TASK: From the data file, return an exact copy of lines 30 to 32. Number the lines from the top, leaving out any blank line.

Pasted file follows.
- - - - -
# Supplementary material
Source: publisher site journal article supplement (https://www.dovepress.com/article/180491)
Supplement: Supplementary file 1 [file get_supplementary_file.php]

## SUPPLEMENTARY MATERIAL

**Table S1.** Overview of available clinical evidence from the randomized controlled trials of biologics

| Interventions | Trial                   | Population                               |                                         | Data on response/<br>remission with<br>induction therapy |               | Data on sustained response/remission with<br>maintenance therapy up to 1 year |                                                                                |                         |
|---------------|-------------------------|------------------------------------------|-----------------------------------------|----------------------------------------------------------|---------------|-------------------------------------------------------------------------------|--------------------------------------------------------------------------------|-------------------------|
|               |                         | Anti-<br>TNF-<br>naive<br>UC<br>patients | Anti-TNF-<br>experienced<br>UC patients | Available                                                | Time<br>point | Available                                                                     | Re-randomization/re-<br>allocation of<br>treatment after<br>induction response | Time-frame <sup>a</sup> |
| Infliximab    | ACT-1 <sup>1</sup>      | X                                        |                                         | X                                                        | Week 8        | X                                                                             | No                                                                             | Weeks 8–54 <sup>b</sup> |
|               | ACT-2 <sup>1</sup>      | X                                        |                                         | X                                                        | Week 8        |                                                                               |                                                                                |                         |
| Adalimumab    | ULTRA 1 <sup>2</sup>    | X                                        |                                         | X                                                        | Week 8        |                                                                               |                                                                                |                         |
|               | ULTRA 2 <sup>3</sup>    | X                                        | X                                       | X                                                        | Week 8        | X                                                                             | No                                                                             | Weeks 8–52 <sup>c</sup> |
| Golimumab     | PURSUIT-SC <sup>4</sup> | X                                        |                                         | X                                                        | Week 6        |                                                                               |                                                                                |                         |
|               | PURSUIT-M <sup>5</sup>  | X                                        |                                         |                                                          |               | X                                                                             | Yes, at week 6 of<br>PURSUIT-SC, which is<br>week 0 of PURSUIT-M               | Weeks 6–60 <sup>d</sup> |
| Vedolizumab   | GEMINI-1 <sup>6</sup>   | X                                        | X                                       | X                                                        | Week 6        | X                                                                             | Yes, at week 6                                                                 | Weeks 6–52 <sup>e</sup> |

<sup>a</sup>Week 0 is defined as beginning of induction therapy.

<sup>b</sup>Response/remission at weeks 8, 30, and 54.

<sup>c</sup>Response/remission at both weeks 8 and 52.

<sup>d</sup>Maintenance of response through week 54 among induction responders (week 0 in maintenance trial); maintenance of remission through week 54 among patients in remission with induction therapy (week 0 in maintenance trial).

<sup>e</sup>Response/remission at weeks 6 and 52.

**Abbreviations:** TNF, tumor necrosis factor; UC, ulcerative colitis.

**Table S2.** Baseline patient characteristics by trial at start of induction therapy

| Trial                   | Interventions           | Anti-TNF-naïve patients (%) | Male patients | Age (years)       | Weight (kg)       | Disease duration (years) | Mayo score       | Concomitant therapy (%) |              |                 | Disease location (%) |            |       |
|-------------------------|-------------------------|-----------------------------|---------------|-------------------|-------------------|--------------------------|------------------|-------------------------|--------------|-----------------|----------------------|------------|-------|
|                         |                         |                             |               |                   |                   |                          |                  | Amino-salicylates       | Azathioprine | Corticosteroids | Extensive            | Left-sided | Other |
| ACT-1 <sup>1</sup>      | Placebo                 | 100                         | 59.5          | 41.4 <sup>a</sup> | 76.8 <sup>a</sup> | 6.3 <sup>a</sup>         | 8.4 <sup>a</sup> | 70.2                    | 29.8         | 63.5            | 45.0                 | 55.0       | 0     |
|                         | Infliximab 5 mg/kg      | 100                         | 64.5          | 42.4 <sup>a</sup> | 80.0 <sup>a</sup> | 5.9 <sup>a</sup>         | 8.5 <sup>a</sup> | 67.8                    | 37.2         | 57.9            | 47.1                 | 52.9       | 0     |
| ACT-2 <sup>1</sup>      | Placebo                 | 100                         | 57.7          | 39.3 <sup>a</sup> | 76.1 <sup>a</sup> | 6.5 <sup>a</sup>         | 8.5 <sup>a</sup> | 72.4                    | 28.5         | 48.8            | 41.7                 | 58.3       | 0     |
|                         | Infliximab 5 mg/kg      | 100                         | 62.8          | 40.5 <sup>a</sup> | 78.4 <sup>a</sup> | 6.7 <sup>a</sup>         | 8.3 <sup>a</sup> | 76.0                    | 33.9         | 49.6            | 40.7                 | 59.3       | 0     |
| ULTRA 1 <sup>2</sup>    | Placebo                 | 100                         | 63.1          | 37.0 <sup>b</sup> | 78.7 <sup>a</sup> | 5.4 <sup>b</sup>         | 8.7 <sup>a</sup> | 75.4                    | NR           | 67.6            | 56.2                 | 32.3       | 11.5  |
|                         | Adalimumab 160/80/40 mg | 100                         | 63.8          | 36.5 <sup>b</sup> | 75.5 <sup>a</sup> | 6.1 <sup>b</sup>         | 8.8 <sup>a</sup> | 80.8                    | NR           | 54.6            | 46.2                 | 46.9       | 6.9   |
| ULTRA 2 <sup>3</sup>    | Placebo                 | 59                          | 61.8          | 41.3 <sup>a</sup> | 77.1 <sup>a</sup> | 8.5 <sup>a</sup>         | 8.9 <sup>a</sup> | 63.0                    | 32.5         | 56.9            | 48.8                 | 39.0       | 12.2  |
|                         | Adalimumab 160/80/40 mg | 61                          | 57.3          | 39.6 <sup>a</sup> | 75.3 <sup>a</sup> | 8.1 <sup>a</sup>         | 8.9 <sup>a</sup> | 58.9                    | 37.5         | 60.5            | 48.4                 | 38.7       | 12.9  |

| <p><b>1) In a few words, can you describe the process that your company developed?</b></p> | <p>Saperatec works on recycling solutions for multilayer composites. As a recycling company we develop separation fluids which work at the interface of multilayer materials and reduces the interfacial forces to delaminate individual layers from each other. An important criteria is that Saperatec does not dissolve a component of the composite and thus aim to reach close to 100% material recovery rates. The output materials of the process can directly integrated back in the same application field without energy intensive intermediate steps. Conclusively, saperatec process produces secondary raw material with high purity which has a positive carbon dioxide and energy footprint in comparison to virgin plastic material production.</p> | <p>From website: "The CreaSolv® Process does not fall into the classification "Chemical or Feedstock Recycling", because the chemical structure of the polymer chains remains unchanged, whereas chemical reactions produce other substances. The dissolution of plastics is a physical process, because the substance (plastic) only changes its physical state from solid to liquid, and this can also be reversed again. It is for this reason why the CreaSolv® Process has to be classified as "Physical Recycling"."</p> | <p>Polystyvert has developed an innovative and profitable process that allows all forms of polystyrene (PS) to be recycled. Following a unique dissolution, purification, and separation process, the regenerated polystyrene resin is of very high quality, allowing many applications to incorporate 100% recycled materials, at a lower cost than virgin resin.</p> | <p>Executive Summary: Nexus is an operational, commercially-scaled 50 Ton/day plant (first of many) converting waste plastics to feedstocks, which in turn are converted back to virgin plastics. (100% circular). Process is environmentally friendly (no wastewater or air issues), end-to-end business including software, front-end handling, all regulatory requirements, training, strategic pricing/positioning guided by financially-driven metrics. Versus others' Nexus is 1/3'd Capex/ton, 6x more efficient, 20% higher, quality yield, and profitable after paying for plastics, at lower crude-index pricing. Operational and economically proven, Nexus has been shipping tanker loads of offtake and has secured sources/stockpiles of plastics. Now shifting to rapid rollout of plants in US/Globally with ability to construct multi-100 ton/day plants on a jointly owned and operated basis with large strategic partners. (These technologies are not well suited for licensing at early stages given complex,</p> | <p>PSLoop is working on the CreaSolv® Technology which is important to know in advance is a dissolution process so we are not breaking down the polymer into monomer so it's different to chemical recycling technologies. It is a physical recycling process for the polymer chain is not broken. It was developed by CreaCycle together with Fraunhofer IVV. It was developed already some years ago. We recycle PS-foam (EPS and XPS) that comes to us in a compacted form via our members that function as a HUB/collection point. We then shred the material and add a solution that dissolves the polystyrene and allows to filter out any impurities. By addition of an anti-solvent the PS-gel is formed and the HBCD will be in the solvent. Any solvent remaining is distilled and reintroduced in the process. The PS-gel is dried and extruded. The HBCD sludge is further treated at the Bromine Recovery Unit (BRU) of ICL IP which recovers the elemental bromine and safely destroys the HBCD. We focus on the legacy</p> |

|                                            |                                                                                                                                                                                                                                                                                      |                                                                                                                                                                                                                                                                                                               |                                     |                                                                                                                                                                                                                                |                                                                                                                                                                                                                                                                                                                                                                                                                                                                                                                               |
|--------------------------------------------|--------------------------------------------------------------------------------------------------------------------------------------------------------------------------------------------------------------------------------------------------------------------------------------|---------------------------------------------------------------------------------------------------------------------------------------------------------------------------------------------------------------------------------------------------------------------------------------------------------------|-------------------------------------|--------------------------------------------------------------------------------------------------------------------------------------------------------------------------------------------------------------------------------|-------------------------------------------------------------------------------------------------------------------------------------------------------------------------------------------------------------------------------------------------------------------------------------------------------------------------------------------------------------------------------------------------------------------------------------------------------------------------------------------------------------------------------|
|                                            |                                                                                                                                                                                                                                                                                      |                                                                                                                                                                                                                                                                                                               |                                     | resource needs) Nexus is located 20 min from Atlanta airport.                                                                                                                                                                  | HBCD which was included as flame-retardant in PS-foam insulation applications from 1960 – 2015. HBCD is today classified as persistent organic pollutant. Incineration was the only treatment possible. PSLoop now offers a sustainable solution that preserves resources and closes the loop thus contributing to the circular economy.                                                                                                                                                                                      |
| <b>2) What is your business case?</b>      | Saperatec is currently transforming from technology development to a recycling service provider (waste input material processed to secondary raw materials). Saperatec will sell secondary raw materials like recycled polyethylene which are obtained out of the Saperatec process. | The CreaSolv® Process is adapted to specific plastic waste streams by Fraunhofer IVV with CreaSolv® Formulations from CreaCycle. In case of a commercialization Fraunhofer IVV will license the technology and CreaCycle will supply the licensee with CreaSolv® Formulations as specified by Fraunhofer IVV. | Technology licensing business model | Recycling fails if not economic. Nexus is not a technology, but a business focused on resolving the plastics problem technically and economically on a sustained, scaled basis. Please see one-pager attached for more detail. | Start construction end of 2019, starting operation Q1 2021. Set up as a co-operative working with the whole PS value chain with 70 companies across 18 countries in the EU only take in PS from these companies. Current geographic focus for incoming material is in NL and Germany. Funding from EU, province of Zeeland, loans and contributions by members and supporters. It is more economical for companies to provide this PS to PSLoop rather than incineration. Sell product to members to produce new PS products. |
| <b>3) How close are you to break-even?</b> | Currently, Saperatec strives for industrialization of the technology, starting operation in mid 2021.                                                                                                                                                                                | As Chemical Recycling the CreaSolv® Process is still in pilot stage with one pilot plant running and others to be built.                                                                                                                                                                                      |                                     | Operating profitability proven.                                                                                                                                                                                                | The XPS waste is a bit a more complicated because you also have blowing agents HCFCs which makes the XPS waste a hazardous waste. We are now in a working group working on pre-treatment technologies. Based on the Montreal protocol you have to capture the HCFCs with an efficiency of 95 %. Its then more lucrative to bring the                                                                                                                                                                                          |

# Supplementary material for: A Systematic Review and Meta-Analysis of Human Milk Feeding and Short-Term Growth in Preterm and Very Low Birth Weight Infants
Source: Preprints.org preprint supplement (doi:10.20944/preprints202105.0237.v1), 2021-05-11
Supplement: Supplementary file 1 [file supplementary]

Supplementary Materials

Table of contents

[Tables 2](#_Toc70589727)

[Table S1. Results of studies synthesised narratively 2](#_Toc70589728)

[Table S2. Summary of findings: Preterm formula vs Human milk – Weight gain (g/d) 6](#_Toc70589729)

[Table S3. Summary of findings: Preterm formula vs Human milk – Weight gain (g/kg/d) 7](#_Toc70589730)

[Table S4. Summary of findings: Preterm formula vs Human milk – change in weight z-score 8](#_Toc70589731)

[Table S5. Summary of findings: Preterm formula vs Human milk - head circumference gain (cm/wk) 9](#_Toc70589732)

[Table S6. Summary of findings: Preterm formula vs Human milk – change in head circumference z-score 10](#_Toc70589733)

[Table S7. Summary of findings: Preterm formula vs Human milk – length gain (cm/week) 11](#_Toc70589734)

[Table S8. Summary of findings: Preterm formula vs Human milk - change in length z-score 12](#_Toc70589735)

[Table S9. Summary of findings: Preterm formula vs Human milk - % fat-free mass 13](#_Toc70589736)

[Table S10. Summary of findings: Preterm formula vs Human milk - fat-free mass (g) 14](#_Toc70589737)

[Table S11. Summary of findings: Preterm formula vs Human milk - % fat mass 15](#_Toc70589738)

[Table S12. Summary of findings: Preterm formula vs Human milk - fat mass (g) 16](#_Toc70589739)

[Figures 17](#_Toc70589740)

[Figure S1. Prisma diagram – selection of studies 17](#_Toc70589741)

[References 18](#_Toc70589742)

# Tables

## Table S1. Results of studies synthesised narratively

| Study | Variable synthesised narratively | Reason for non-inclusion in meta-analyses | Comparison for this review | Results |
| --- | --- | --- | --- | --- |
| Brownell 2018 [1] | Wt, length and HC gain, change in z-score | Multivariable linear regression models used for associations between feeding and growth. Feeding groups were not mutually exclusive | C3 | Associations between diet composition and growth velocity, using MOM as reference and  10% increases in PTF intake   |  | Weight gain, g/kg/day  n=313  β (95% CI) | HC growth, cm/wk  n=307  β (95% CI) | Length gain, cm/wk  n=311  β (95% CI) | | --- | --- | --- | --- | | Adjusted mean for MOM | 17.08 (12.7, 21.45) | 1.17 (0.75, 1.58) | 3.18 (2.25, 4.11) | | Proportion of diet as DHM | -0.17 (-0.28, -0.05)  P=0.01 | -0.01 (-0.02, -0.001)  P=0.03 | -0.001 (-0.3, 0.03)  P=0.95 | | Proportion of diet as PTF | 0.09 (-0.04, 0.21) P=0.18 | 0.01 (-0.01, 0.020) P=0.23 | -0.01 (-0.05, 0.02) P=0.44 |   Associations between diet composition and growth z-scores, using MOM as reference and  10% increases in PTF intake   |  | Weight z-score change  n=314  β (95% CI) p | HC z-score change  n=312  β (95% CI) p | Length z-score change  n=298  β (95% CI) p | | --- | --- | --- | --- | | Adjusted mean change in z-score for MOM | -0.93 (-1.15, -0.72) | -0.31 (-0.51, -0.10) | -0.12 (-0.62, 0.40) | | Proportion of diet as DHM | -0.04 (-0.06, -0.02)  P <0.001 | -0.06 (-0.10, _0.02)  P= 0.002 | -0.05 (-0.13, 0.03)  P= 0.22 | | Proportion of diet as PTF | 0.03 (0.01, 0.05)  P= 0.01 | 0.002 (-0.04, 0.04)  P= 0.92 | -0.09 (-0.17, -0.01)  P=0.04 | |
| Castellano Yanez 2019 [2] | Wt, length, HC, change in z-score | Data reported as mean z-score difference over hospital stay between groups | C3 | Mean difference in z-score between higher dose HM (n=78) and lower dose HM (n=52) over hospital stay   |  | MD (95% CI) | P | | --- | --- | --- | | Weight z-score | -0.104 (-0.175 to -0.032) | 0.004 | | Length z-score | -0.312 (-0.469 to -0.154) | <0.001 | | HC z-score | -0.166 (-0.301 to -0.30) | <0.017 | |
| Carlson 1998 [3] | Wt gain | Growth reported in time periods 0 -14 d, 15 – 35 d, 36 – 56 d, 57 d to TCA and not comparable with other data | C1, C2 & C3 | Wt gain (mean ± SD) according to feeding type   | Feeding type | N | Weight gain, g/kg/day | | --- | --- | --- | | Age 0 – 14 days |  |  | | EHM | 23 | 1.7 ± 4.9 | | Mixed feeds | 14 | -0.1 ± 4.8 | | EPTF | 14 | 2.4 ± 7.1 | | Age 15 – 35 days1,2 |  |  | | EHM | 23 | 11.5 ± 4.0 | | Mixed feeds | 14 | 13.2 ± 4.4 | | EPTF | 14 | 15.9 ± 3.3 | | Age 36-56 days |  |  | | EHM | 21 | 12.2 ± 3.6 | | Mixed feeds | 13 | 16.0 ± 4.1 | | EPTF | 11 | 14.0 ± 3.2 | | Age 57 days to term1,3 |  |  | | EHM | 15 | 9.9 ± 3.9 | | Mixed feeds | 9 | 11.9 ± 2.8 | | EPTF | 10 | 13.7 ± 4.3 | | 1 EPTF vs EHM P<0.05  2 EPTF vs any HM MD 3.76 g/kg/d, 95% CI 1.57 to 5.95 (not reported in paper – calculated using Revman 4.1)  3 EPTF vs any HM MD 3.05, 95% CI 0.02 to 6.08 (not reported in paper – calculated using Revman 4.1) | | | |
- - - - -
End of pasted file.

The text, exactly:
| ULTRA 1 <sup>2</sup>    | Placebo                 | 100                         | 63.1          | 37.0 <sup>b</sup> | 78.7 <sup>a</sup> | 5.4 <sup>b</sup>         | 8.7 <sup>a</sup> | 75.4                    | NR           | 67.6            | 56.2                 | 32.3       | 11.5  |
|                         | Adalimumab 160/80/40 mg | 100                         | 63.8          | 36.5 <sup>b</sup> | 75.5 <sup>a</sup> | 6.1 <sup>b</sup>         | 8.8 <sup>a</sup> | 80.8                    | NR           | 54.6            | 46.2                 | 46.9       | 6.9   |
| ULTRA 2 <sup>3</sup>    | Placebo                 | 59                          | 61.8          | 41.3 <sup>a</sup> | 77.1 <sup>a</sup> | 8.5 <sup>a</sup>         | 8.9 <sup>a</sup> | 63.0                    | 32.5         | 56.9            | 48.8                 | 39.0       | 12.2  |